Amphorae XVI

at The University of Queensland

Brisbane, Australia

In 2007 the first Amphorae conference was held at the University of Queensland. Originally known as AMPHORA (Annual Meeting of Postgraduate in Hellenic or Roman Antiquity), the conference soon became AMPHORAE to include Egyptology.

Now, as in its inaugural year, Amphorae brings together postgraduate students from across Australasia, specialising in all areas of Ancient World studies. This annual conference provides an excellent opportunity for postgraduate presenters to meet their peers and share their research in a supportive and stimulating environment. This year Amphorae returns to the Sunshine State and will be held in hybrid mode, online through Zoom and in-person at The University of Queensland.

Hybrid Conference

This conference will be delivered in-person and online via Zoom and Slack. Registered attendees will receive the Zoom and Slack details in due course.

Conference Registration Now Open!

Register below to attend the conference in-person or online.

Opening Event: In Conversation with Dr Katherine Lyall-Watson

Join us for the opening event of Amphorae XVI, as Dr Katherine Lyall-Watson talks to Professor Alastair Blanshard about her re-imagining of Phaedra.

Date: Tuesday 28 June 2022

Time: 6pm, with a catered reception from 7pm

Location: Room 09-211, Level 2, Michie Building (9)

Dr Katherine Lyall-Watson is an award-winning Australian playwright and the Co-Artistic Director of Belloo Creative. She has a doctorate in creative writing from the University of Queensland, was the chair of Playlab for five years, and regularly mentors and supports emerging writers.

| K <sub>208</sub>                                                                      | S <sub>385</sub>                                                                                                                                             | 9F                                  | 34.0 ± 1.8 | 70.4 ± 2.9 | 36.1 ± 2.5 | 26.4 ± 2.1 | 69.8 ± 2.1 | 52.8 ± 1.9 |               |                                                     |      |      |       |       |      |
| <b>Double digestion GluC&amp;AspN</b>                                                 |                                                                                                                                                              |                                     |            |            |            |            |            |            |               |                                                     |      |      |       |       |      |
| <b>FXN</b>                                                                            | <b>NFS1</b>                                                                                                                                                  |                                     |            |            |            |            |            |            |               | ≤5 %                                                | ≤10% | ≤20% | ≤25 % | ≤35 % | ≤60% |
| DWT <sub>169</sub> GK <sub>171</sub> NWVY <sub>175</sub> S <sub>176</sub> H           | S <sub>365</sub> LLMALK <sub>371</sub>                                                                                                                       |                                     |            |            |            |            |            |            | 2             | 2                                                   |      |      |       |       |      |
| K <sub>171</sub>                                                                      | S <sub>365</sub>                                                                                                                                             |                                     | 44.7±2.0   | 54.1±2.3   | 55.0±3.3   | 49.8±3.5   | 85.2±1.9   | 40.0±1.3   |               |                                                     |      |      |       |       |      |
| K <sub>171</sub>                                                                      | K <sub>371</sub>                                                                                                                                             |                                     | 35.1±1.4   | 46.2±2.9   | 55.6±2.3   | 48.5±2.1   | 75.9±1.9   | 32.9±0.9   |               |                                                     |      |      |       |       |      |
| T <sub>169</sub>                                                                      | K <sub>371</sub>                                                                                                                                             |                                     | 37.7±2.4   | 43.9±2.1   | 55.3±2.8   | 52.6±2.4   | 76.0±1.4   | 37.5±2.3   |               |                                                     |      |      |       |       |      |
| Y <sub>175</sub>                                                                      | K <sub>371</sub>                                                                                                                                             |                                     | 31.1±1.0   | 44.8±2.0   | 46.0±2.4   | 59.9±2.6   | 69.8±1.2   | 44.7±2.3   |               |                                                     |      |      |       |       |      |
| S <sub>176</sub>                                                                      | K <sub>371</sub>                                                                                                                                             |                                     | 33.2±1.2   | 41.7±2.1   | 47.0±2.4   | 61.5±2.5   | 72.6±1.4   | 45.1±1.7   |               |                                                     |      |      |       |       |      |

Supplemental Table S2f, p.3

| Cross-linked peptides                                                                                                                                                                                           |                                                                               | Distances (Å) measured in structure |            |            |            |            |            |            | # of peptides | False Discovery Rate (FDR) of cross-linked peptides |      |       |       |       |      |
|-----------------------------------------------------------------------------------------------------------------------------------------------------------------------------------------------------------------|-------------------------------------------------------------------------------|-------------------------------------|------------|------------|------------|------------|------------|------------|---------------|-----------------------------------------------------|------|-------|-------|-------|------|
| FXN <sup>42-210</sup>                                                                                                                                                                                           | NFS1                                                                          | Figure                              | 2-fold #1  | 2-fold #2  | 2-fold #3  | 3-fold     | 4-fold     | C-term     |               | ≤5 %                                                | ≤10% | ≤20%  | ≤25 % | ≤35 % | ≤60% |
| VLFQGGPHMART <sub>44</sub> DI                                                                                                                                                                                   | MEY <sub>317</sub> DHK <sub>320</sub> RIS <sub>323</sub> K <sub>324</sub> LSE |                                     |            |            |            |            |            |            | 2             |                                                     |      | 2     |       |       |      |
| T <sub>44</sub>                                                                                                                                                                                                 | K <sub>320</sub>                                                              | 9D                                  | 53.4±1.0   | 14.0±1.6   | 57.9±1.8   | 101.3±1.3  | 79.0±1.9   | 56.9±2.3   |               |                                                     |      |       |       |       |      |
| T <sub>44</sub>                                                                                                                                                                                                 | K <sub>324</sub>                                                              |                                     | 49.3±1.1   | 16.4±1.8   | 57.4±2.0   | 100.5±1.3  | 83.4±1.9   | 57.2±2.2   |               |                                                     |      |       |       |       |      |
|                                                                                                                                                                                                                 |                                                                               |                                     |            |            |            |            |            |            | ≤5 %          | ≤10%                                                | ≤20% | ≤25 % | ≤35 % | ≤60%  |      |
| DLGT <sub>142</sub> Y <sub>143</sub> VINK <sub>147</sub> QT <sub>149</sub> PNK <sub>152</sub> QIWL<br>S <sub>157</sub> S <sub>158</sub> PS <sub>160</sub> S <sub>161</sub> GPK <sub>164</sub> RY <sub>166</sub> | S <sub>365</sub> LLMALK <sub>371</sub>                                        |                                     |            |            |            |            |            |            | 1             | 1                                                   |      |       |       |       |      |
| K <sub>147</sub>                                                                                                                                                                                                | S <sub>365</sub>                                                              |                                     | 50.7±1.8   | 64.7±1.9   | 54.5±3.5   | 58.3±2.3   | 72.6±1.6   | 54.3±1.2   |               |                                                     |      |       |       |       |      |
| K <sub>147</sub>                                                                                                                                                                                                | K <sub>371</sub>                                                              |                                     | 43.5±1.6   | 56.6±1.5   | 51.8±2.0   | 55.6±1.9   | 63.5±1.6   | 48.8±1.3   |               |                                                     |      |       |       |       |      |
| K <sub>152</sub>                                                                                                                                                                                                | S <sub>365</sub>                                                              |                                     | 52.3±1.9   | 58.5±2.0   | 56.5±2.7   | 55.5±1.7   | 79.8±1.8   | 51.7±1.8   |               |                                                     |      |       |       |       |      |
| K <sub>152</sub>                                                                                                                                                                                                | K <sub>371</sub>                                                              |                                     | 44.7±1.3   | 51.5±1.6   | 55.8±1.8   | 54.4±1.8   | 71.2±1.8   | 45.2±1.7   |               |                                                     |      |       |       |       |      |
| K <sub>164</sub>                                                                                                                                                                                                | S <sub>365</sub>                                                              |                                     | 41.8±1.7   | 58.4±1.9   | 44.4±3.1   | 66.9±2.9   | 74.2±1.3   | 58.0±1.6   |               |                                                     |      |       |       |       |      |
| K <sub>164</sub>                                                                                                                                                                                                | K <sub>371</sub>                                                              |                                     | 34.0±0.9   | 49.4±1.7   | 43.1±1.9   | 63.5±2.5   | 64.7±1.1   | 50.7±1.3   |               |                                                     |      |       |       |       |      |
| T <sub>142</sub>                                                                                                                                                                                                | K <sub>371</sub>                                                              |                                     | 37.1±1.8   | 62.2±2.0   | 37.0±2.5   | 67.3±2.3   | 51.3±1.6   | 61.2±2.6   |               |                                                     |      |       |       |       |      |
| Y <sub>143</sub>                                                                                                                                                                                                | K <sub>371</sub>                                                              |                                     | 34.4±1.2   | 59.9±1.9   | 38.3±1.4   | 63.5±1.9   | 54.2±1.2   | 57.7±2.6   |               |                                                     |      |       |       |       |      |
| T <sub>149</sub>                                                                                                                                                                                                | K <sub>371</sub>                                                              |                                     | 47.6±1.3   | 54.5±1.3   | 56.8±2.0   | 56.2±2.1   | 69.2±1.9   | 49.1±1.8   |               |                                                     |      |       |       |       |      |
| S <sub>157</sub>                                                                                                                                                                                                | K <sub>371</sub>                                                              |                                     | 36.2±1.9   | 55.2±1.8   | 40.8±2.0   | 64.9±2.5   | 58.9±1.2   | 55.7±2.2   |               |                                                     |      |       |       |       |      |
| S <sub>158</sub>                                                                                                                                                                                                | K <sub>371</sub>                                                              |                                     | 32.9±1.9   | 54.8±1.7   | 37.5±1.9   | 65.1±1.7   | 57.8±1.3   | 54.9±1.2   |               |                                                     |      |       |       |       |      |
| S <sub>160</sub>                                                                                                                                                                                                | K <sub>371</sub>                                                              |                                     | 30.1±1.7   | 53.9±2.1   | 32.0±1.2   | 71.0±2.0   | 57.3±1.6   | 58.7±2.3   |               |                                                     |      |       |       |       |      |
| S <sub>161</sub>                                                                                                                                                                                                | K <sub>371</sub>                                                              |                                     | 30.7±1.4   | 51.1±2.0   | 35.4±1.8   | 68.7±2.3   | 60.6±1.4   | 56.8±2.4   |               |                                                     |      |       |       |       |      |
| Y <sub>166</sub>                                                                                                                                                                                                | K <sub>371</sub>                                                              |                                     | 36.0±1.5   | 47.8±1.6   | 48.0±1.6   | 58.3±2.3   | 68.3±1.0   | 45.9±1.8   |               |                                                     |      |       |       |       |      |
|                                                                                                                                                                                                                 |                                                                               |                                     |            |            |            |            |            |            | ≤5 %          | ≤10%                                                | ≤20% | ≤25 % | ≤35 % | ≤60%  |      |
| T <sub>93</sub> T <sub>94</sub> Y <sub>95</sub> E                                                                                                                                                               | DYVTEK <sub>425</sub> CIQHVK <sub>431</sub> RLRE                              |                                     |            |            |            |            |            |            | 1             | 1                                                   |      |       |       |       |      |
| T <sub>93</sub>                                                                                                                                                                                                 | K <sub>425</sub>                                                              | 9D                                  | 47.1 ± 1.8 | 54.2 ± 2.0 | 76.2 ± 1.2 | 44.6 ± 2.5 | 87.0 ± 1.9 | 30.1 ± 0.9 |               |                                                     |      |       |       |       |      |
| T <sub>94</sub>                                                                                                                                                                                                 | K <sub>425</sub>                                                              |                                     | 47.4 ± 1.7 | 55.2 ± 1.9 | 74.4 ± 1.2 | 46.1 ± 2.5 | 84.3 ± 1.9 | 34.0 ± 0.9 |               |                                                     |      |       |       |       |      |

Katherine was commissioned to write Phaedra while Belloo Creative was company in residence at Queensland Theatre and it was programmed as the finale of Queensland Theatre’s 50th anniversary 2020 season. However, due to Australia’s COVID-19 lockdowns it was never performed.

Katherine’s new version of Phaedra is a biting political satire and a wake-up call to Queensland, written in the aftermath of the 2019 election when Scott Morrison gloated, “How good is Queensland?!” and the rest of the country created memes excising us from the map of Australia.

Register Here!

Register here to join us in person:


Register here to attend the event via Zoom:


(Please note the registration for In Conversation is separate from the general conference registration. Please ensure that you register for each if you plan on attending both.)

Keynote Lecture

Date: Wednesday the 29th June, 2022

Time: 4pm

Location: Room E109, Level 1, Forgan Smith (01), St Lucia

This year’s keynote lecture entitled Reforming the Roman Republic will be given by Dr Kit Morell.

Dr Kit Morrell is the Susan Blake Lecturer in Classics and Ancient History at the University of Queensland. She previously held postdoctoral positions at the University of Amsterdam and the University of Melbourne. Kit’s research focuses on the political and legal history of the late Roman republic. She is currently working on an ARC DECRA project on ‘Reforming the Roman Republic’. Her previous publications include a monograph, Pompey, Cato, and the Governance of the Roman Empire (2017) and The Alternative Augustan Age (2019), co-edited with Josiah Osgood and Kathryn Welch.

Reforming the Roman Republic